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Bike licensing fixes traffic problems about as well as mercury cures syphilis

Human beings will come up with strange solutions for the problems they face.

The ancient Egyptians cured dental pain by placing dead mice in their mouths. The Romans cured constipation with a bull's gall suppositories. In the 18th century, doctors treated syphilis with mercury.

The newest example of this phenomenon appeared a little while ago in the form of a survey by Toronto-based consulting firm Campaign Research Inc. The company found that many people believe we can fix some of our traffic woes by forcing cyclists to get licences. Six out of ten questioned said they believe that the government "should test bicyclists for competency, requiring a licence and insurance similar to motorists." This was favoured most by people over 65.

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According to Campaign Research CEO Eli Yufest, "It appears that while Torontonians are enthusiastic about the city developing its network of bike lanes, they also strongly think cyclists should be subject to testing, licensing and insurance much like motorists."

Well break out the bull gall suppositories, because licensing cyclists has about as much chance of fixing traffic problems as bull's galls do of being a reliable and soothing laxative.

That's because majorities are often wrong. A majority of Torontonians believe this is the year the Maple Leafs finally win the Stanley Cup. That doesn't mean they're right. The reality is that solving traffic woes with bike licences is like curing syphilis with mercury. It's been tried. It failed and the side effects were worse than the cure. Cities such as Edmonton, Calgary, Winnipeg and Regina all got rid of their bike licence programs. Ottawa considered a licence program but found that it would cost around $100,000 per year and only bring in $40,000 in revenue.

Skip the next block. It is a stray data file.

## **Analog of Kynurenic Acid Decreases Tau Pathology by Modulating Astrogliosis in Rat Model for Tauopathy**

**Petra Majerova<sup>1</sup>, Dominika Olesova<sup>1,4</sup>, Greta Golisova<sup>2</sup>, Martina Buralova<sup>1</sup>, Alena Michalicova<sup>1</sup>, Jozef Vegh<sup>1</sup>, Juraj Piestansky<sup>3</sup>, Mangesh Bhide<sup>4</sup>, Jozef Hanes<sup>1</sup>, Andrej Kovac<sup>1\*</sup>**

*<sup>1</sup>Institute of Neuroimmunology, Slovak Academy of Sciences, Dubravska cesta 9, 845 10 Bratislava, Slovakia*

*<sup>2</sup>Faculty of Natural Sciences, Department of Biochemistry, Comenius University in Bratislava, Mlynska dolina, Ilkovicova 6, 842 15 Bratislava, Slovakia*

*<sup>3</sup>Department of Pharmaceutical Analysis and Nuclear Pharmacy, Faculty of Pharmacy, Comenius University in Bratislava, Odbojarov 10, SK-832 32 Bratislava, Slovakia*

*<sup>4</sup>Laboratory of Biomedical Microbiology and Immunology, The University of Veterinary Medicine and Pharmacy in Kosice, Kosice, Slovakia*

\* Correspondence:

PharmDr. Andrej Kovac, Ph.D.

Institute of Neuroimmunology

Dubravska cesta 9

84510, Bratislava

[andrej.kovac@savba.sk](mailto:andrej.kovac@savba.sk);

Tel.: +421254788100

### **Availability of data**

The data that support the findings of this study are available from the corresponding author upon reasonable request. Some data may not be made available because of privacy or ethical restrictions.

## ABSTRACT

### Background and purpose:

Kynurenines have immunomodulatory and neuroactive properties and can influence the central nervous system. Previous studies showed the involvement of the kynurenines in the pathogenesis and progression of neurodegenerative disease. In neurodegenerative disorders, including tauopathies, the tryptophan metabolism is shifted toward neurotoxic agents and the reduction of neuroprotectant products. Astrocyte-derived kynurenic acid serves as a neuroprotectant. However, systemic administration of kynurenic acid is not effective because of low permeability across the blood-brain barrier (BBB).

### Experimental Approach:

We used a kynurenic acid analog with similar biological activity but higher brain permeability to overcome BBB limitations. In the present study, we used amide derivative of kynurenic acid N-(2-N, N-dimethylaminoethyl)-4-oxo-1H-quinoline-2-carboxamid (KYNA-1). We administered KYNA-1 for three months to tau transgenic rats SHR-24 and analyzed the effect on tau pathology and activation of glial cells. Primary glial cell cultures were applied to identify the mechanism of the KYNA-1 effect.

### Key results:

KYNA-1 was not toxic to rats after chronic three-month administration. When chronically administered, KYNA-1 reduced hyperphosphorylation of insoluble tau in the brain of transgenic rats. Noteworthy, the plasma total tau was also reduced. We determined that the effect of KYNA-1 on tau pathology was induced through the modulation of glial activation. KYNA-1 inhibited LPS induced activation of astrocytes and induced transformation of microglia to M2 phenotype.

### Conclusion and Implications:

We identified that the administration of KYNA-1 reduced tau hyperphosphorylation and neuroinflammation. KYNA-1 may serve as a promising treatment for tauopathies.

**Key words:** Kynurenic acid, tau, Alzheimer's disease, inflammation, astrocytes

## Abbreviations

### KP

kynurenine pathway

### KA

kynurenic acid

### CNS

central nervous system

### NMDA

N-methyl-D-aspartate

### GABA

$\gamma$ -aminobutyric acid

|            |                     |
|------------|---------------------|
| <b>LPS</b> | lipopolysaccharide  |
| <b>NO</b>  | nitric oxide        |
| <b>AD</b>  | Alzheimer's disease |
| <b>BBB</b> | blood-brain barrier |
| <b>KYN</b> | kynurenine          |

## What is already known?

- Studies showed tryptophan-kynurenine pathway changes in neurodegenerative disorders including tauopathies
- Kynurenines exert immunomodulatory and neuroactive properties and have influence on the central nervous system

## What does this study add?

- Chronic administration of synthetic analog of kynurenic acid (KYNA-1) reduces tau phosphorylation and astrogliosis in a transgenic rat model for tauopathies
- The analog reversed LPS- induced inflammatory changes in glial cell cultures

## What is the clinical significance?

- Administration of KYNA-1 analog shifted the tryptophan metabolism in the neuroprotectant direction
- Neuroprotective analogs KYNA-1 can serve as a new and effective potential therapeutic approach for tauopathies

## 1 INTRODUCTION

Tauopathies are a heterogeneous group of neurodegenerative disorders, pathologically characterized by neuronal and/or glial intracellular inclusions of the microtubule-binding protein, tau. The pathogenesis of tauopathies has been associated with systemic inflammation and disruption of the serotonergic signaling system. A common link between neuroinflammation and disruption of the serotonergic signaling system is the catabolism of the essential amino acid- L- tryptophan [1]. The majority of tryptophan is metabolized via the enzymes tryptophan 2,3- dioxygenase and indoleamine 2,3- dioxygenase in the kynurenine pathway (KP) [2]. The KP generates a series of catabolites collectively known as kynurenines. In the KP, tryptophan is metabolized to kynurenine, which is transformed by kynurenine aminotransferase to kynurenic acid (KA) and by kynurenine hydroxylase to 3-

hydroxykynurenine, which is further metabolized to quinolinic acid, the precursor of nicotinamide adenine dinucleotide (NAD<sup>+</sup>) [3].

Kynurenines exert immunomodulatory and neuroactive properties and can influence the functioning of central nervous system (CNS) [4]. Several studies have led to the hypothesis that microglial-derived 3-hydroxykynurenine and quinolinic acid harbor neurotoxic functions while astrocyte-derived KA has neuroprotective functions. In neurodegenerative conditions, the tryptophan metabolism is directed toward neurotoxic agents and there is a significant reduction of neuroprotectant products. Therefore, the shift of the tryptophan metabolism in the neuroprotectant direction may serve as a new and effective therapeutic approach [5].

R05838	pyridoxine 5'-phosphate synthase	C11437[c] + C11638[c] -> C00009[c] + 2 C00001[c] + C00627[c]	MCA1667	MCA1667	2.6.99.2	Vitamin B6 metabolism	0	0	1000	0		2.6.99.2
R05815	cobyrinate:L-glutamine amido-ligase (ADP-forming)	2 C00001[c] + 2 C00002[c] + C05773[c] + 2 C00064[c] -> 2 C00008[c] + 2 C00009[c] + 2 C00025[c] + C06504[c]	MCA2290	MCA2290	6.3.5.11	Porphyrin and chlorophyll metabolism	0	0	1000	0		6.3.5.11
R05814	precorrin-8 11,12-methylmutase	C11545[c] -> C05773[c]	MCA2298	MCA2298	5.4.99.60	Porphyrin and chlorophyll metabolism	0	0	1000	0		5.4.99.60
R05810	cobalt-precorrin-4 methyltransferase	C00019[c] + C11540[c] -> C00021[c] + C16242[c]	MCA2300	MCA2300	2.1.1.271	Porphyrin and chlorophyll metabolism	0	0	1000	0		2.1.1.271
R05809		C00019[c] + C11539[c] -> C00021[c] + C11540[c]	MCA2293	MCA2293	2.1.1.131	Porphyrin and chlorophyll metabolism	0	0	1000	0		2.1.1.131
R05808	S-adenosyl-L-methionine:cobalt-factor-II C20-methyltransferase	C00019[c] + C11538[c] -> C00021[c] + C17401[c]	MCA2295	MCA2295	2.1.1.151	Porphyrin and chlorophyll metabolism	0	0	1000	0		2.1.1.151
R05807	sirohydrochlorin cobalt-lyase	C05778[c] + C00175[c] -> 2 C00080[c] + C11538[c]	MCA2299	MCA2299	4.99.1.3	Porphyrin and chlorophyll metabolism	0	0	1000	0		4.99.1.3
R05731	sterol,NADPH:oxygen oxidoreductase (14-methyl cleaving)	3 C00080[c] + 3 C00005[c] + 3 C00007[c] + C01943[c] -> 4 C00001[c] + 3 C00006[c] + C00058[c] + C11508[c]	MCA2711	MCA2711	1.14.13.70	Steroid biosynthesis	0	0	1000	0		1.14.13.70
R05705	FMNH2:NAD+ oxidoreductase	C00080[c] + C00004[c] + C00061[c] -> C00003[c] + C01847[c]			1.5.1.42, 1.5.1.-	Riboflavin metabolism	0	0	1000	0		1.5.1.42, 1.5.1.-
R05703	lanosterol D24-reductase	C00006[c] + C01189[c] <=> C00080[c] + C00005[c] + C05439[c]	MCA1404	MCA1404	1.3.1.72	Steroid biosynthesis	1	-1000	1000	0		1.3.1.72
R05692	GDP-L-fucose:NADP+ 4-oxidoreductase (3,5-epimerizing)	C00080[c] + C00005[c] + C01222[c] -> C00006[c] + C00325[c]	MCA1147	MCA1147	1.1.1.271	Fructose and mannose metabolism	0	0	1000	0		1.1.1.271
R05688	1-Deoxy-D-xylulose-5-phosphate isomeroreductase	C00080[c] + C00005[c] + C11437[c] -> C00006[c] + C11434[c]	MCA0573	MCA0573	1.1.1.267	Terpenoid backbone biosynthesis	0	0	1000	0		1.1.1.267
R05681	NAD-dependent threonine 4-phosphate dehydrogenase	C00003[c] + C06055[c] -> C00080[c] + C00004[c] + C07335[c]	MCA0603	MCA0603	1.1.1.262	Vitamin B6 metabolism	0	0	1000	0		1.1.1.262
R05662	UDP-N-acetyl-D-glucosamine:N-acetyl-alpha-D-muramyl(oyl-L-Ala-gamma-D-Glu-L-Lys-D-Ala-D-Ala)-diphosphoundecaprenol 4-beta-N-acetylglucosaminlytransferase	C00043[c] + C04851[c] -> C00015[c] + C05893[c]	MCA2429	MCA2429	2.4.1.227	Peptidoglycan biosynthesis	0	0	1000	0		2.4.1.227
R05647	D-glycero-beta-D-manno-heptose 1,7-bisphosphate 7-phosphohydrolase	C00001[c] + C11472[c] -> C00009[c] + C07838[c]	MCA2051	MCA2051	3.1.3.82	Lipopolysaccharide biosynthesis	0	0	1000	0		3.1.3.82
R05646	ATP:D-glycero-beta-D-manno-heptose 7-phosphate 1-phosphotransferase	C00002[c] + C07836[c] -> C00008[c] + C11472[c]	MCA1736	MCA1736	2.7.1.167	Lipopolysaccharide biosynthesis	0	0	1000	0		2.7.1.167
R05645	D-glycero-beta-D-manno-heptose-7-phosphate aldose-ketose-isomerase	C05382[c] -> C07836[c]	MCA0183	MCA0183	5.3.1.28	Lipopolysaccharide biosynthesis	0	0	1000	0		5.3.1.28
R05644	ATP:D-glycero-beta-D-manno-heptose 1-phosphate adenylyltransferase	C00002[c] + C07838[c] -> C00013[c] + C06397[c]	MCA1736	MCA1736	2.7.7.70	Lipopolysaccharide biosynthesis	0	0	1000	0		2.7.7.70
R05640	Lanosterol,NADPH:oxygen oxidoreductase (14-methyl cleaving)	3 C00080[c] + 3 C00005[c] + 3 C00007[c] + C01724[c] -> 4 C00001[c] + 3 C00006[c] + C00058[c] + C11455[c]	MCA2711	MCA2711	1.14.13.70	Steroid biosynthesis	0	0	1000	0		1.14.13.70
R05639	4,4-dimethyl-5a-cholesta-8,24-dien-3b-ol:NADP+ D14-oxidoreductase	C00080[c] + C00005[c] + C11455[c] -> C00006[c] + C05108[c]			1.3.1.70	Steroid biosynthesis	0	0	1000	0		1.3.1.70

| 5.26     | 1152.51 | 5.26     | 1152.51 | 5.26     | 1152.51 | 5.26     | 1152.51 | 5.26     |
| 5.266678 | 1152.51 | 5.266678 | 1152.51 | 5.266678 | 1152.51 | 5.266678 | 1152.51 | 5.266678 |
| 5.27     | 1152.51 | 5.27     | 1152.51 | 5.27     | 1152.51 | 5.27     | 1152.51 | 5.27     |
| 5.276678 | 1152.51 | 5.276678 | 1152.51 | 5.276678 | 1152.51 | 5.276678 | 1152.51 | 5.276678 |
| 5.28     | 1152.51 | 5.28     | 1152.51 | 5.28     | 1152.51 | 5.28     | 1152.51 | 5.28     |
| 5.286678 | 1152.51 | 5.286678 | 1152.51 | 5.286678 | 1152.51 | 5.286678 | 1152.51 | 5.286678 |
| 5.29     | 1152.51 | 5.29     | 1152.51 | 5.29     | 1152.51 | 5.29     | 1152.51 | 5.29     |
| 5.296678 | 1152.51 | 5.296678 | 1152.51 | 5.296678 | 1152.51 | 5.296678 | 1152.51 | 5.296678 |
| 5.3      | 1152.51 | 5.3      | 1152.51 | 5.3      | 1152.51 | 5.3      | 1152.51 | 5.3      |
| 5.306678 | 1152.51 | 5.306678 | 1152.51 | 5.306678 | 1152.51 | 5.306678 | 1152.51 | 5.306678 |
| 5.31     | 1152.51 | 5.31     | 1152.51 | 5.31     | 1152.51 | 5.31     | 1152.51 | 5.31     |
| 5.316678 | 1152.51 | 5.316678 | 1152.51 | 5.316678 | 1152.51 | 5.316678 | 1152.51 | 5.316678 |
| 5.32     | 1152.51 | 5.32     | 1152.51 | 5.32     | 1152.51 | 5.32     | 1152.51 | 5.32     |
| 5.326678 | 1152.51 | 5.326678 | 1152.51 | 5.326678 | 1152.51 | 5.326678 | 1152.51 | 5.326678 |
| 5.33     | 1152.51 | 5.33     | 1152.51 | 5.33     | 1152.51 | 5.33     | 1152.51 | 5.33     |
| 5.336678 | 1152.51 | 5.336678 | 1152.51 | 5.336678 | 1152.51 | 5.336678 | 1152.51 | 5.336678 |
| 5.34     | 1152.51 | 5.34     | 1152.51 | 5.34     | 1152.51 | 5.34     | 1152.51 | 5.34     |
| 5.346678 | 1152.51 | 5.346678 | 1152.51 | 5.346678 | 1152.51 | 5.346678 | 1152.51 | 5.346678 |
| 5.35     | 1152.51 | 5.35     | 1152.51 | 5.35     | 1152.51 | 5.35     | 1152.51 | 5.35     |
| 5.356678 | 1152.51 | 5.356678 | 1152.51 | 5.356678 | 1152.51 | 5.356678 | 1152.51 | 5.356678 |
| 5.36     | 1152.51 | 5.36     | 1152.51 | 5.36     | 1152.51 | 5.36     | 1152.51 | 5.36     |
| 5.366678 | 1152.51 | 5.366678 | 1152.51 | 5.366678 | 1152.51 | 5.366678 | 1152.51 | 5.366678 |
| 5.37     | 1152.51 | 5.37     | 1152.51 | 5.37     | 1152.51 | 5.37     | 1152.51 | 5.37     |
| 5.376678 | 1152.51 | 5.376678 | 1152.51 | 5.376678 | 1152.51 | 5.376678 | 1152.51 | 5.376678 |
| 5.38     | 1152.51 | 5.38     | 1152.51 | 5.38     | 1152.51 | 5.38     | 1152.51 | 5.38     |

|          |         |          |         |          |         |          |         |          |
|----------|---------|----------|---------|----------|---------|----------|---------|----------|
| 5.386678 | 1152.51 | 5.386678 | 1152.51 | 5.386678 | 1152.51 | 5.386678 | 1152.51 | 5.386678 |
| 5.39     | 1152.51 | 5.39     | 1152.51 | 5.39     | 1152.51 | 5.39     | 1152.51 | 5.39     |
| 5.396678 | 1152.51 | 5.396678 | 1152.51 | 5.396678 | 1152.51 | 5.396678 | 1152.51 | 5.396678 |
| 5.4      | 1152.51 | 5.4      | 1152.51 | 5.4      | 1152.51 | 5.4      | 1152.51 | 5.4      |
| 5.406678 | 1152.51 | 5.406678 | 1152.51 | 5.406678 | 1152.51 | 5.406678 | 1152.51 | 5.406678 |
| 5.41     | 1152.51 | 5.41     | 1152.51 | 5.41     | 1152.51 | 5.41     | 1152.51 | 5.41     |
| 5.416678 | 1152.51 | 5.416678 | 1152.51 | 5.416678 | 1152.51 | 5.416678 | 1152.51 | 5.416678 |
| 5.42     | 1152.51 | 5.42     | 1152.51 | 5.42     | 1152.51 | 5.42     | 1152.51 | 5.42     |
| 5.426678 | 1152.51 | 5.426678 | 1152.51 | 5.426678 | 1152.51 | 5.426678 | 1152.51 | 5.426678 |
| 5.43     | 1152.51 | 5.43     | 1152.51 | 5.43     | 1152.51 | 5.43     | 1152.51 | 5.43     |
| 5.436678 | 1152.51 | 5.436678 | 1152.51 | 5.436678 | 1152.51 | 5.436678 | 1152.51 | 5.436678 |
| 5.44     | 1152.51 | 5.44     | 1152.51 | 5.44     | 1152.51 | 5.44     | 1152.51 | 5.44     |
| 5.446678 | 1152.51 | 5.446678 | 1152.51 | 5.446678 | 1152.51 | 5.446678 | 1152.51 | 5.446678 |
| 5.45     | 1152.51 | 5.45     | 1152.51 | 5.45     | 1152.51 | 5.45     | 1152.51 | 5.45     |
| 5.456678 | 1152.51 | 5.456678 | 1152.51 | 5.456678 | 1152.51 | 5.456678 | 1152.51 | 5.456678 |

The best strategy for getting cyclists to obey the rules of the road is to change those rules so they are compatible with how cycling works and to encourage better habits through education (as they have in countries such as the Netherlands). Are there idiots who cycle? Yes, many. They're an insufferable bike-short-wearing nuisance, but they're nothing compared with the menace of some motorists.

If we are serious about using licensing to help alleviate road issues, then we should be considering mandatory retesting for drivers. At present, you get your licence and that's it. As long as you don't break the law you're good to go until you're in your 80s. During those years we can develop a few bad habits. We do rolling stops and get lax with our mirror checks; even the best driver can get rusty. If you selected 100 drivers at random and had them take the driving exam again, a significant number would fail. Why not require drivers to retake their driver's exam every 10 to 15 years? It would lessen all the sloppy and dangerous driving we see on the roads.

There's as much chance of mandatory retesting happening as there is of substituting a dead mouse for a root canal. It would be a logistical nightmare, and there isn't the infrastructure in place to execute it. Voters would rebel. Retesting would be a political disaster for any provincial government that even suggested it. Canadians believe that driving is a divine right. It doesn't matter what you do or how often you do it, you deserve to drive.

I wonder if coating myself in honey and rolling naked in sesame seeds could cut 15 minutes off my commute?

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About the Author
Road Sage columnist

Andrew Clark, an award-winning journalist, screenwriter and author, is Director of the Comedy Writing and Performance program at Humber College in Toronto. More

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